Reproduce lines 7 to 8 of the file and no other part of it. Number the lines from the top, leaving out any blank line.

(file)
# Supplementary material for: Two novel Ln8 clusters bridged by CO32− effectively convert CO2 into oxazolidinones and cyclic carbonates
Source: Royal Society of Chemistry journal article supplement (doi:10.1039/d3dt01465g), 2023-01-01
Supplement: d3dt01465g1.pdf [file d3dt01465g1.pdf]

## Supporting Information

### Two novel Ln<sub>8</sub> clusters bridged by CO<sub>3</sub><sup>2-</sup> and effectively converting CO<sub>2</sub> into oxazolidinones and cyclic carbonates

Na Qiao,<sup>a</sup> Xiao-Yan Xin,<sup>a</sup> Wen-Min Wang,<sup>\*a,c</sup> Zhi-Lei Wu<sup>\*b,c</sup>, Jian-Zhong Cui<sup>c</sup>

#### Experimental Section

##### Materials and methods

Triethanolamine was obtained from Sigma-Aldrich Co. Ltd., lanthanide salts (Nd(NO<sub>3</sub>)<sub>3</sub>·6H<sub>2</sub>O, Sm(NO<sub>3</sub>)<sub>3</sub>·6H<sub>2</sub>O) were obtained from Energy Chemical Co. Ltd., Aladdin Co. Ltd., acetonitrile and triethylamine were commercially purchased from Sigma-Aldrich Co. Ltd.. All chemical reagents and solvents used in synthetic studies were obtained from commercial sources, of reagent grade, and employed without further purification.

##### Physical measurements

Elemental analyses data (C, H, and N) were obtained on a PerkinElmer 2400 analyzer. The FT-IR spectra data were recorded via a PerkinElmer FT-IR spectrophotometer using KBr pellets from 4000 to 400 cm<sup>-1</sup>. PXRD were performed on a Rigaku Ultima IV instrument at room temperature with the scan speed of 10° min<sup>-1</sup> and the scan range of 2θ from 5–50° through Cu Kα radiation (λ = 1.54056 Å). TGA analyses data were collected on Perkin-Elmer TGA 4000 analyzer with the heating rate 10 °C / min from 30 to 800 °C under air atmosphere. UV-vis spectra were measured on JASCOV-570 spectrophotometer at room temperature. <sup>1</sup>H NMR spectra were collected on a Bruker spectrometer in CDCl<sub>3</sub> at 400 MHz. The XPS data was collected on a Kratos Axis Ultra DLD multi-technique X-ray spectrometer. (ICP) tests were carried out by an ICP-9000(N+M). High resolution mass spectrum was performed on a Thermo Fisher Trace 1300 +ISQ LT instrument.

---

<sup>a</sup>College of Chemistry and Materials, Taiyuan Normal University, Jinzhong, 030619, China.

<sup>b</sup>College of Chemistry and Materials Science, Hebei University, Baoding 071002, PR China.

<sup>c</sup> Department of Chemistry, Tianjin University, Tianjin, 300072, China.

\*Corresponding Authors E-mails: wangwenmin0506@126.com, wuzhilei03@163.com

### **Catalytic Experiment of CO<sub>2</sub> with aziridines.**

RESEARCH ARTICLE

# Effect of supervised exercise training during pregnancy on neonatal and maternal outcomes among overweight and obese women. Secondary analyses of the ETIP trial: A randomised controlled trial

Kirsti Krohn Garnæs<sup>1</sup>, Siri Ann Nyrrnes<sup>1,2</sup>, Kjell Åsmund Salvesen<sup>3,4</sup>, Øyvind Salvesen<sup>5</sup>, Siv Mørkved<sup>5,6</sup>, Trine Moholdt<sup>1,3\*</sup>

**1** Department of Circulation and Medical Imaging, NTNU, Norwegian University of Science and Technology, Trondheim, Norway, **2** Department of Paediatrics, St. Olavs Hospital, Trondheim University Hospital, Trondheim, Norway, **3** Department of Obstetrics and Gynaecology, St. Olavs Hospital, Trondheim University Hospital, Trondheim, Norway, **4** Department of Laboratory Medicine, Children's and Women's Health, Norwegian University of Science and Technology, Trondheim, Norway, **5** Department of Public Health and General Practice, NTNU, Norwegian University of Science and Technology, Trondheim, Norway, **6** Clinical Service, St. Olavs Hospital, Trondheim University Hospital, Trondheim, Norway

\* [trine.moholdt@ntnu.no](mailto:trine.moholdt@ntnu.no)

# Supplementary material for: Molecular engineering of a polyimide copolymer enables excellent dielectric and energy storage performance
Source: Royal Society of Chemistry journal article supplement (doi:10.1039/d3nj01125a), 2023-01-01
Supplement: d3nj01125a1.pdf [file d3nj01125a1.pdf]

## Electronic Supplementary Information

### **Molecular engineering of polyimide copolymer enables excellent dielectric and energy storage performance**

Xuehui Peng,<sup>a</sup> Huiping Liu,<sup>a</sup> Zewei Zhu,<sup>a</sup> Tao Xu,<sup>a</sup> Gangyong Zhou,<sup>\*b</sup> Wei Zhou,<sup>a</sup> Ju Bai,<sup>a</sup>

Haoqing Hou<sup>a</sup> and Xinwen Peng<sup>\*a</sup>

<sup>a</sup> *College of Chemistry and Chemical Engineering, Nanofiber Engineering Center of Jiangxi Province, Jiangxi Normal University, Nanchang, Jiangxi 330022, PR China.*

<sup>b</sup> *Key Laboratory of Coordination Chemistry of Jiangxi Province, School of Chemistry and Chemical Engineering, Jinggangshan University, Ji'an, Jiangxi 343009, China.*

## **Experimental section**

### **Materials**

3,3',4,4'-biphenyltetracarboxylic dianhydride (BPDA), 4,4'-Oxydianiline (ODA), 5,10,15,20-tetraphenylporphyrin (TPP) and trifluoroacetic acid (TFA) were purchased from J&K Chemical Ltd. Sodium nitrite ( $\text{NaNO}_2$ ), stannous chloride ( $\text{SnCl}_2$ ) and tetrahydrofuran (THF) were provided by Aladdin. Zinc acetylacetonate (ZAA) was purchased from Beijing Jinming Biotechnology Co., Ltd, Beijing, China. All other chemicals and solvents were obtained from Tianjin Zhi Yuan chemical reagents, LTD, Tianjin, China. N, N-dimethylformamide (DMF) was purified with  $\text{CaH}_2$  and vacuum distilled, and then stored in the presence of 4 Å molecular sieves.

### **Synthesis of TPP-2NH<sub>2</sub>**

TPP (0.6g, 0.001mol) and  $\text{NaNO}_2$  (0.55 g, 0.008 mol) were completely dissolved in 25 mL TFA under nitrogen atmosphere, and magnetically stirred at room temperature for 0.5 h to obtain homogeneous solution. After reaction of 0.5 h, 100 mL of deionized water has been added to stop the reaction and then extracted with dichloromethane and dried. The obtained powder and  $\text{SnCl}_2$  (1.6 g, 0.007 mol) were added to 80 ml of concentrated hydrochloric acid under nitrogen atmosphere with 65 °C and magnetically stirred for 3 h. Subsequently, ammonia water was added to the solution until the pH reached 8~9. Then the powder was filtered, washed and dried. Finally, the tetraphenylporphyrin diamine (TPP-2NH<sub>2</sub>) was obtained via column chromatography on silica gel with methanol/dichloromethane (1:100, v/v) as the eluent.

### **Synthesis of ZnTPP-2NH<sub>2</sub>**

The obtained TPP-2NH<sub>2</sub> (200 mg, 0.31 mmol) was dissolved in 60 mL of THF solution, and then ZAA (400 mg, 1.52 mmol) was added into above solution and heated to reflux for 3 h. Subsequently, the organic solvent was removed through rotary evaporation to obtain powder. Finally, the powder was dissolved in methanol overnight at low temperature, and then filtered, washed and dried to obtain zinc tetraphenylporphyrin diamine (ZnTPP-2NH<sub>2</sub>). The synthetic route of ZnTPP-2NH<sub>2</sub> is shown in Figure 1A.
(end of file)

#### Experimental Section

##### Materials and methods